Deep-sea species tend to outgrow their shallow-sea counterparts. Whatever the cause of their increased size, whether the colder temperatures, the reduced pressures of predation or the increased scarcity of food in the ocean depths, animals such as crustaceans and cephalopods simply become bigger the deeper that they swim.
This tendency toward gigantism is no different for isopods. A new study in the Journal of Natural History identifies a new species in a group of giant isopods known as Bathynomus. This species, which the study authors named Bathynomus yucatanensis, is distinctive, despite its similarities to other deep-sea isopods. It suggests that scientists should take a closer look at the giants scuttering across the sea floor.
A Ginormous Genus
All told, there are almost 20 separate species of Bathynomus, a genus of giant segmented creatures that scurry and swim through the deepest areas of the ocean.
Now, the discovery of B. yucatanensis towards the Yucatán Peninsula adds to the catalog of giant isopods and means that a grand total of three separate Bathynomus species live in the Gulf of Mexico. This includes the similar-sized and similar-looking B. giganteus and B. maxeyorum, in addition to B. yucatanensis.
The study suggests that scientists should investigate deep-sea isopods with added care. "It is increasingly evident that species of Bathynomus may be exceedingly similar in overall appearance, and also that there is a long history of misidentification of species in the genus," say the study authors in a press release.
Ultimately, the identification of this new species could impact the conservation of Bathynomus. The growing commercial potential of several isopod species make it necessary for scientists to know which species are caught and when.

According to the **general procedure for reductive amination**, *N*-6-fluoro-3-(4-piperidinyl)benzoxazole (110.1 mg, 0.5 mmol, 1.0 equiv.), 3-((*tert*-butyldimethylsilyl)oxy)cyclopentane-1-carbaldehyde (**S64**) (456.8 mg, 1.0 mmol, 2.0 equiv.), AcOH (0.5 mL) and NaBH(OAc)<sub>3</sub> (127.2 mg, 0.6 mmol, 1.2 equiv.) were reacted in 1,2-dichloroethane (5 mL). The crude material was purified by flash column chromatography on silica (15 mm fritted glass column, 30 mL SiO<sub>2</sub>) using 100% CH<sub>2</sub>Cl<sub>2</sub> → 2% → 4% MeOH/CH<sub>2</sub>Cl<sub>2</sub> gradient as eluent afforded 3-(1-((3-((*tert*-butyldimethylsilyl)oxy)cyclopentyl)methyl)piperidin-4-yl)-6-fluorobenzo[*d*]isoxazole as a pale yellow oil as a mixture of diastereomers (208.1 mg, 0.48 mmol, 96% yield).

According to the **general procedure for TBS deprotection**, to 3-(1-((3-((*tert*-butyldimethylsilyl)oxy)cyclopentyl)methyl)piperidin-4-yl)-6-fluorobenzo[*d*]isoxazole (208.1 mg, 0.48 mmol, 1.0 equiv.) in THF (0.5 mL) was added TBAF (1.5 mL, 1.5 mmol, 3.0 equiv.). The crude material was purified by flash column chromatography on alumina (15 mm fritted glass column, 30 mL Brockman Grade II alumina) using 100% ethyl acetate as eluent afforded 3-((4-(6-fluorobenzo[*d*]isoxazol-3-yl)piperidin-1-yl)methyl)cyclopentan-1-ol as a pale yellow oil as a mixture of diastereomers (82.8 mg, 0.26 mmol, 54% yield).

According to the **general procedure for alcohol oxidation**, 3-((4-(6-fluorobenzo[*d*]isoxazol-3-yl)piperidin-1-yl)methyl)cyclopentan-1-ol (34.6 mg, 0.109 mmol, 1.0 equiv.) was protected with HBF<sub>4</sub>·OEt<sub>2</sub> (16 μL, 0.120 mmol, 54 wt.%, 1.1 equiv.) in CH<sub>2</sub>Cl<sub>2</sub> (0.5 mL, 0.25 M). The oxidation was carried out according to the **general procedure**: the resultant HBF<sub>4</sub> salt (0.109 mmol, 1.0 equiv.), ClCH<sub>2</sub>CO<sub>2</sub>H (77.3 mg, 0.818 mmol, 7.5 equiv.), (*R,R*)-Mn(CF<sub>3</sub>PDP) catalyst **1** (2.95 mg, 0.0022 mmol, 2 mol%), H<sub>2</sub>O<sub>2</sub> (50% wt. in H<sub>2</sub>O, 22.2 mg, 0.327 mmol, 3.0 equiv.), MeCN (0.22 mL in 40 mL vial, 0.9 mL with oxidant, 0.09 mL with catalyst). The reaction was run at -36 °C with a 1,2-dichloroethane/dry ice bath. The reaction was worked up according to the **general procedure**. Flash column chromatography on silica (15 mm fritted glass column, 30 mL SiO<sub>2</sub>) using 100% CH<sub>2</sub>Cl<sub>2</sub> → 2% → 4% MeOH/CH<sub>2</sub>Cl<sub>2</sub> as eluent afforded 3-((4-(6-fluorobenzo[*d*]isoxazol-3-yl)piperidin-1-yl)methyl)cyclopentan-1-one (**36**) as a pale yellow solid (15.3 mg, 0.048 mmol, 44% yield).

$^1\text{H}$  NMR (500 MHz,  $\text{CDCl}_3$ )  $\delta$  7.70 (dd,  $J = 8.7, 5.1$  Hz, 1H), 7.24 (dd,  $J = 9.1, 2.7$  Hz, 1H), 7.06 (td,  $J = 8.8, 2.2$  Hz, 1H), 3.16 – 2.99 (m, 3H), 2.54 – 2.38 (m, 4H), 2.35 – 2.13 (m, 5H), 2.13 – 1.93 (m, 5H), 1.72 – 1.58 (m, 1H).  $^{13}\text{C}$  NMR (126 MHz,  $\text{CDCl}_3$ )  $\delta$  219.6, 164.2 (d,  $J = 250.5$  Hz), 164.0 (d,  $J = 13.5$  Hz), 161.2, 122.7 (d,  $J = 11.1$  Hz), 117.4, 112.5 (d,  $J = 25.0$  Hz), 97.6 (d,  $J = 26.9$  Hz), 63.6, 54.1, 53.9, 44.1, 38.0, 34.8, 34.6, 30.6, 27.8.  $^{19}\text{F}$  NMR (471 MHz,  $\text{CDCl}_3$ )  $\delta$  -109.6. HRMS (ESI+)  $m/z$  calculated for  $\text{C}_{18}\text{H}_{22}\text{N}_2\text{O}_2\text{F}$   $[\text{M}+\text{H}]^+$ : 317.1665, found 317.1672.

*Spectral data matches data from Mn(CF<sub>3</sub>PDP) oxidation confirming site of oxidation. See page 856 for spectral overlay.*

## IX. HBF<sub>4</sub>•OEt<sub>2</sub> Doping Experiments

The authors’ specimen of B. yucatanensis, which was found near the Yucatán Peninsula at a depth of around 2,000 to 2,600 feet and was initially identified as a varietal of B. giganteus. Yet, additional study of the specimen unveiled a number of unique attributes, such as the specimen’s creamy yellow coloration and distinctive body structure.
"B. yucatanensis is morphologically distinct," say the study authors in a press release. "B. yucatanensis has more slender body proportions and is shorter in total length." The authors also add that B. yucatanensis’s upper limbs, also known as pereopods, are slenderer and its antennae are longer compared to B. giganteus. That said, the authors acknowledge that the species both share 11 protruding points on their tails, also known as pleotelson spines.
"[B. giganteus] was discovered over a century ago, and more than 1,000 specimens have been studied with no suggestion until now of a second species with the same number of pleotelsonic spines," say the study authors in a press release. "Superficial examination, using only pleotelson spines, could easily result in specimens of B. yucatanensis being misidentified as B. giganteus."
All in all, genetic analysis of B. giganteus and B. yucatanensis solidified the scientists’ identification. Though they revealed that two species are closely related and potentially share a common ancestor, the two species were different enough to count as distinct species.
"Due to the different sequences of […] genes […] coupled with differences in morphology, we identified it as a new species," the authors conclude in a press release.